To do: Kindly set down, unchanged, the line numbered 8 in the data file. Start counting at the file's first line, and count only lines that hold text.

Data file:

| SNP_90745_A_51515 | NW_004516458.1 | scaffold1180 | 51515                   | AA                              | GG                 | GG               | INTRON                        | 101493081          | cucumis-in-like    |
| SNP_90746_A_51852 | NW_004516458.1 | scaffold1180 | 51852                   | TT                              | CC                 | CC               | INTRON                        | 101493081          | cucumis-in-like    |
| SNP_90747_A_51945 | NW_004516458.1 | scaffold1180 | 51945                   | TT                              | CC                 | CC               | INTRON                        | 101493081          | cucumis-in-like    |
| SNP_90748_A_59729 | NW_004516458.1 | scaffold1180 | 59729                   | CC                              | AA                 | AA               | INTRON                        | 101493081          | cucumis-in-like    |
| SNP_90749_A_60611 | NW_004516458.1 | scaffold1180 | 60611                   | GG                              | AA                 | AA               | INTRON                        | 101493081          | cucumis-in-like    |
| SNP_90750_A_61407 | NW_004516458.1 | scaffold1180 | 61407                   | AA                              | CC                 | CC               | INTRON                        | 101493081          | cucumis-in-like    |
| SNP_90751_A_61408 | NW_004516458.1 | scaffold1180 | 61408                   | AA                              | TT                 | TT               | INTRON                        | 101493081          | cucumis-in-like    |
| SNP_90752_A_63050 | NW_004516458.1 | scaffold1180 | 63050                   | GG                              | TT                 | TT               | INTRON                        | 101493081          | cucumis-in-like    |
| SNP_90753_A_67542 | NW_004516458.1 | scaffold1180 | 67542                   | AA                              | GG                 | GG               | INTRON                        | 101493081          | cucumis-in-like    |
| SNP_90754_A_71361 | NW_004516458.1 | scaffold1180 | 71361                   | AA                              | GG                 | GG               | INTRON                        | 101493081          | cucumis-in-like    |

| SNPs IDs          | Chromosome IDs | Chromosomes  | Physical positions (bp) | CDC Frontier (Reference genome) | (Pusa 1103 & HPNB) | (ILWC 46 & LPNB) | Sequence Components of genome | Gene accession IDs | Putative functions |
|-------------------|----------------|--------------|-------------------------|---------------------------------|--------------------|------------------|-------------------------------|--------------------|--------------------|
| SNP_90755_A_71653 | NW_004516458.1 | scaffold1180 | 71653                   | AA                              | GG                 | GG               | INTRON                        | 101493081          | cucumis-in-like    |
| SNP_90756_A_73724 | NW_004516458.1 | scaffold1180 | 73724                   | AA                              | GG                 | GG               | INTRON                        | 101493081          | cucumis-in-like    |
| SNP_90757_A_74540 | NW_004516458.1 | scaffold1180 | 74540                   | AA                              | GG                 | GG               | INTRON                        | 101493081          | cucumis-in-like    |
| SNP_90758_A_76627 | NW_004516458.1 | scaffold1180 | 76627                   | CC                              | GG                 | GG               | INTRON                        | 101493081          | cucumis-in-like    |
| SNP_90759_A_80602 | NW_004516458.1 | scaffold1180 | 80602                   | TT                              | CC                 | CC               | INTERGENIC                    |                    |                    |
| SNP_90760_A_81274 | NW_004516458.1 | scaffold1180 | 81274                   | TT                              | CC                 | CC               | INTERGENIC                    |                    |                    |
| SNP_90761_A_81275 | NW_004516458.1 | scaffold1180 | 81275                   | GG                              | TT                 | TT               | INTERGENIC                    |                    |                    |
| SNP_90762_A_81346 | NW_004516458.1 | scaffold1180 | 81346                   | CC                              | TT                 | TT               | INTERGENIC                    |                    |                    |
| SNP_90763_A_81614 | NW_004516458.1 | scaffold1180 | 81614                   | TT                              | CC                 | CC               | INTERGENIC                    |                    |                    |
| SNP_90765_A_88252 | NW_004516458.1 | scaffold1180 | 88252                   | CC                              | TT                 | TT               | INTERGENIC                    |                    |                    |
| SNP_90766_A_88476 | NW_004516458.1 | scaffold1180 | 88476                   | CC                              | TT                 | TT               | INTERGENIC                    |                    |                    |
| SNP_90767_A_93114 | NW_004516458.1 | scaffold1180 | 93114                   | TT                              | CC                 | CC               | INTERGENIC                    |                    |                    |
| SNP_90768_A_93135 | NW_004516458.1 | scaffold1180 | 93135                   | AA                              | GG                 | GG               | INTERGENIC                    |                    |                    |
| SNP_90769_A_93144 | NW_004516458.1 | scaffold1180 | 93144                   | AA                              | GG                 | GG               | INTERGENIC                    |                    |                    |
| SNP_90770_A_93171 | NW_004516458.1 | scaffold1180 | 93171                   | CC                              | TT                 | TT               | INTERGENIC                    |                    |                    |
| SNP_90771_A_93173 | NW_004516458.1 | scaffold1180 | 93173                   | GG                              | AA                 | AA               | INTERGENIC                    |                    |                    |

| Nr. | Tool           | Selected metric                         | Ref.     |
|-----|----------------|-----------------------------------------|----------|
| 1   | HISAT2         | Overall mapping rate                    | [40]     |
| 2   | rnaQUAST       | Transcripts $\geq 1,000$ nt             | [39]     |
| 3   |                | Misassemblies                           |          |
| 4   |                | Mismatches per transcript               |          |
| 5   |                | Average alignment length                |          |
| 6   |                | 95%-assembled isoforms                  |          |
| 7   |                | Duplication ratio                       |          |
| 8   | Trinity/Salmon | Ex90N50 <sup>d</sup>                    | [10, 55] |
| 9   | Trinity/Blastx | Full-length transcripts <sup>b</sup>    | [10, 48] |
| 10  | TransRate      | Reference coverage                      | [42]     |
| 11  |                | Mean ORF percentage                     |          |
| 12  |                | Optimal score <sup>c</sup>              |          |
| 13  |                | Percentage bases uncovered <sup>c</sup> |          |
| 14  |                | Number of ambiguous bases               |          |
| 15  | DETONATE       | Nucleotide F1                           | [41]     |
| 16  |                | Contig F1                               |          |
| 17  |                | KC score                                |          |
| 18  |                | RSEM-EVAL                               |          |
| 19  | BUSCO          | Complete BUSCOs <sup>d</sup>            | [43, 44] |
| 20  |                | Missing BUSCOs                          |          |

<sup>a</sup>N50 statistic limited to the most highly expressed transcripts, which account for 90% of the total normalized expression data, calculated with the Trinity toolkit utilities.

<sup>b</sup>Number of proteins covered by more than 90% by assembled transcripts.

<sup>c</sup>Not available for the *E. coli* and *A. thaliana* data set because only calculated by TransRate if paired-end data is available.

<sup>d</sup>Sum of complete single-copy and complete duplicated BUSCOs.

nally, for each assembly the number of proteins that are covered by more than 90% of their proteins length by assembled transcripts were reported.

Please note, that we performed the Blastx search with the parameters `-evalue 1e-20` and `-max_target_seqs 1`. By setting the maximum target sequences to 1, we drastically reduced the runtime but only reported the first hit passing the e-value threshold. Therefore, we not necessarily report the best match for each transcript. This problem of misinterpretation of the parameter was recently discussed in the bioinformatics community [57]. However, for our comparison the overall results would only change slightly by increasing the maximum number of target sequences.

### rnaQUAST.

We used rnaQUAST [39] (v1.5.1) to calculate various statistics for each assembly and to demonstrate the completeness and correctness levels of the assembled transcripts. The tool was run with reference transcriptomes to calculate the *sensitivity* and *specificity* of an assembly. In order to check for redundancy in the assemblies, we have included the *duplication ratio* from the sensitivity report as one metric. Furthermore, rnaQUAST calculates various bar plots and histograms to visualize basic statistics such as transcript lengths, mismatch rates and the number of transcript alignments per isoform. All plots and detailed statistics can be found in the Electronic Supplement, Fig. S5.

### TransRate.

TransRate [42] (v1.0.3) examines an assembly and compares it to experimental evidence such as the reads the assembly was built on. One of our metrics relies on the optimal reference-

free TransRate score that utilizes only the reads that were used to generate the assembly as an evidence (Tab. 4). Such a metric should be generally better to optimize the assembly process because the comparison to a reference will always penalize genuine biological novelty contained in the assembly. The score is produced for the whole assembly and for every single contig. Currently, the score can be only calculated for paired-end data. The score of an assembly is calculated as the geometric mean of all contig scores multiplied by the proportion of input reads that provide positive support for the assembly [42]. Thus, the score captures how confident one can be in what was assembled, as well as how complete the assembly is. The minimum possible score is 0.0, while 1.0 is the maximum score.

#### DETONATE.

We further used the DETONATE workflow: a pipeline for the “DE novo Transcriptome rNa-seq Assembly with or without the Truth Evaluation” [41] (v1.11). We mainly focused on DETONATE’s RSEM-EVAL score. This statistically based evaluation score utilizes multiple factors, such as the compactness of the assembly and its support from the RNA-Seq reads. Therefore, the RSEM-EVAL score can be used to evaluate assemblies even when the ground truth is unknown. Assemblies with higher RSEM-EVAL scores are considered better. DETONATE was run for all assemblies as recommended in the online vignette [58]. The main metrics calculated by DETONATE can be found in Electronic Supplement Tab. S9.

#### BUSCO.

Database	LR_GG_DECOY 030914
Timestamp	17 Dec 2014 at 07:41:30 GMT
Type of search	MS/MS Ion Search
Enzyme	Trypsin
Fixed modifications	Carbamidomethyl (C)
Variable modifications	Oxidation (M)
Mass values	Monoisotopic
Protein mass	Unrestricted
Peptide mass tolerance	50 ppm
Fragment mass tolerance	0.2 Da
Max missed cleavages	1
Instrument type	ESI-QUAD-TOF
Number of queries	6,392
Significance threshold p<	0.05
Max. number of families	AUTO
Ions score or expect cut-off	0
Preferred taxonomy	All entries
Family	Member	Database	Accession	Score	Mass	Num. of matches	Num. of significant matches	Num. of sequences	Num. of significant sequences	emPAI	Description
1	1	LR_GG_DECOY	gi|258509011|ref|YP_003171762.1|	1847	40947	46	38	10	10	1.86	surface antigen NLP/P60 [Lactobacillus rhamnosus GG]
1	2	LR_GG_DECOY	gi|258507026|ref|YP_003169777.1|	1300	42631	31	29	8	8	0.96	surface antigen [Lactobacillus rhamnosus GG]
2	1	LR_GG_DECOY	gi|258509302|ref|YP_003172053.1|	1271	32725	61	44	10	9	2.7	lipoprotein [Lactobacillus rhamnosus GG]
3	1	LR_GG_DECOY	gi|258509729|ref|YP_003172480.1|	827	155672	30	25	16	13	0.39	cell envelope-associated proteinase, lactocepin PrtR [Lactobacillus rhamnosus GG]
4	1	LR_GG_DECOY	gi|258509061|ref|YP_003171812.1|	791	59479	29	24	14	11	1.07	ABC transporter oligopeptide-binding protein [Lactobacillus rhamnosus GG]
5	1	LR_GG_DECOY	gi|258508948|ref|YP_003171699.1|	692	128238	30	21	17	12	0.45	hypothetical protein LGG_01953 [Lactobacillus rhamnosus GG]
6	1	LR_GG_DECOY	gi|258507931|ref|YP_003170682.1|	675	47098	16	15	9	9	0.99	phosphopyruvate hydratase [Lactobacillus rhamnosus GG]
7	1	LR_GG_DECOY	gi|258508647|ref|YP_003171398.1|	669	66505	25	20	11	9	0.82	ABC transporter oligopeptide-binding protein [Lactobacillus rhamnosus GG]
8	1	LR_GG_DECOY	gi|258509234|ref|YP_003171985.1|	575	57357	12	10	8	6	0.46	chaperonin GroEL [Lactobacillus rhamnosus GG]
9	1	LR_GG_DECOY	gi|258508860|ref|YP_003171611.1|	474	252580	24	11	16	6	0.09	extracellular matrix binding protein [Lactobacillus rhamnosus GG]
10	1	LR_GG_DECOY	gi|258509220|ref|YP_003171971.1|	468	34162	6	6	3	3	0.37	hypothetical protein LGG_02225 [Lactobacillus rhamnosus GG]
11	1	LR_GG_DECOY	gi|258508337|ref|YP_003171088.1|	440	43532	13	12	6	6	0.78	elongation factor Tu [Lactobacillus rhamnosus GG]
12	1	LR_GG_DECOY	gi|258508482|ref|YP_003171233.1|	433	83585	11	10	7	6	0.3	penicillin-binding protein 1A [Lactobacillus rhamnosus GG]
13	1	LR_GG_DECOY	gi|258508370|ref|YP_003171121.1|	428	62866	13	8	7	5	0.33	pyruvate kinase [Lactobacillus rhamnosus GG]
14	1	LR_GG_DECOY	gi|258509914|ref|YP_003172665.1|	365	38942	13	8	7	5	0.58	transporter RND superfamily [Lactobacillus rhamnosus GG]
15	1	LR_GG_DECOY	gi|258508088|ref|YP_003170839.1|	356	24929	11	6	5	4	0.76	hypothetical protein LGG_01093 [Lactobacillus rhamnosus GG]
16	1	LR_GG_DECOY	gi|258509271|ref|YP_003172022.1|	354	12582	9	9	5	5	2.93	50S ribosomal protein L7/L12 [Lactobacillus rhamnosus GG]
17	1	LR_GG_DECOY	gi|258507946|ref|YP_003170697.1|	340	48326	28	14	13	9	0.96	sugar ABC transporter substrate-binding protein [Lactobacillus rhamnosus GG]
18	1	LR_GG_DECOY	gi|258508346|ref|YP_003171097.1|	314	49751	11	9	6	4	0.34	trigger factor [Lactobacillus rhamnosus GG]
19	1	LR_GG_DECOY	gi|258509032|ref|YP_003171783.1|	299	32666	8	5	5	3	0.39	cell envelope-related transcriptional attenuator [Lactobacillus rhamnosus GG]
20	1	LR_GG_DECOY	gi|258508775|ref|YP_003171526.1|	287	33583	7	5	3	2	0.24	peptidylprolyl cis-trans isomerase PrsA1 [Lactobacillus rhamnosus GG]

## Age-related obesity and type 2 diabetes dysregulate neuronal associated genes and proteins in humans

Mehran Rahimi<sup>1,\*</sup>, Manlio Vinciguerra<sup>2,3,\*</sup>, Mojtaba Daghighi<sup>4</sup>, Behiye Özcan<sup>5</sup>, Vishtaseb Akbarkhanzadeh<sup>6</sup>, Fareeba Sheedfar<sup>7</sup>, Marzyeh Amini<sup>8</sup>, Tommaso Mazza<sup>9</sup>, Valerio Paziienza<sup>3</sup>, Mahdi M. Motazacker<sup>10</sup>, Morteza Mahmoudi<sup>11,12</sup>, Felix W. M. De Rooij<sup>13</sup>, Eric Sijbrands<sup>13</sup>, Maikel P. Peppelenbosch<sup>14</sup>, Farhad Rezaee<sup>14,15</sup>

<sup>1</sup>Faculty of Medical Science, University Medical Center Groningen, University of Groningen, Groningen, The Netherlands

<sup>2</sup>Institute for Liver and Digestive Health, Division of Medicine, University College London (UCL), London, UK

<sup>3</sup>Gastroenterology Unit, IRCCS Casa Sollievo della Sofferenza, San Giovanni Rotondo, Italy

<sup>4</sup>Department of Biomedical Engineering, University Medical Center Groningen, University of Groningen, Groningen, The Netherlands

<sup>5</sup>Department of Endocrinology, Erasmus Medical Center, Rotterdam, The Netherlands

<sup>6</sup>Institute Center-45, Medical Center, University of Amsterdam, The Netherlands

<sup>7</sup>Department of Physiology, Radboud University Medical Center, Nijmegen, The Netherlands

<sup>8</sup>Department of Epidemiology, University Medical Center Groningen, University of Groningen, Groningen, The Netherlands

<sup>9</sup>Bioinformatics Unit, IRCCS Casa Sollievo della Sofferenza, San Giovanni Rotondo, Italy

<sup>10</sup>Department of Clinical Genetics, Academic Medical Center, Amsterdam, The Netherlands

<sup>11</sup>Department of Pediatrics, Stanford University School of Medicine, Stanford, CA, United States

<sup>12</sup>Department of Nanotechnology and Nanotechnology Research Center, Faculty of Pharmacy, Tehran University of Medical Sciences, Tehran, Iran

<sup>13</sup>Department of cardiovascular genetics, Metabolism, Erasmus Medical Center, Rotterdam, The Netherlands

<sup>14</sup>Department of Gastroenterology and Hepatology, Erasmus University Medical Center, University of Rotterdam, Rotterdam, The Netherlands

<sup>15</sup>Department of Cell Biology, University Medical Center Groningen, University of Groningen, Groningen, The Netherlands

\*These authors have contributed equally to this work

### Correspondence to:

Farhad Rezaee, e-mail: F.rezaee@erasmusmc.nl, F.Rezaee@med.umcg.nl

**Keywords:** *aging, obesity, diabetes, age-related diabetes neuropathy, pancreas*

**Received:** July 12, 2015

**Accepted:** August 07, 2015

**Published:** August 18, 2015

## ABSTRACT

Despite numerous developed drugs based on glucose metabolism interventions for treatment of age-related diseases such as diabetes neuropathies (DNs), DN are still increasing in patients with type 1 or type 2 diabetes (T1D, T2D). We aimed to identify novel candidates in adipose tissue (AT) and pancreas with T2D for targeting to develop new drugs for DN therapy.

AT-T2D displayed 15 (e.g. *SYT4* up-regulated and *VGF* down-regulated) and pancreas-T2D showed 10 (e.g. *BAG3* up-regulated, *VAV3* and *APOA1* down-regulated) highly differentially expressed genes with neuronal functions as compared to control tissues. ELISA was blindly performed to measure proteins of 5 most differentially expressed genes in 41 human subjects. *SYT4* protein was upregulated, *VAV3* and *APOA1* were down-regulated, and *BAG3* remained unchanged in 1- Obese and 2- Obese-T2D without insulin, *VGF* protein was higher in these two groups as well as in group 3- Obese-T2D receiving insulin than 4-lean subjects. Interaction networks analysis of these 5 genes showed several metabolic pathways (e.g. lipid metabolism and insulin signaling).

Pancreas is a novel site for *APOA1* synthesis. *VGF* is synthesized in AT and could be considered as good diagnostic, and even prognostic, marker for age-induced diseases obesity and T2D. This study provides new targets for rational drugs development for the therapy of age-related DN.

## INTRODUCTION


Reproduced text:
| SNP_90752_A_63050 | NW_004516458.1 | scaffold1180 | 63050                   | GG                              | TT                 | TT               | INTRON                        | 101493081          | cucumis-in-like    |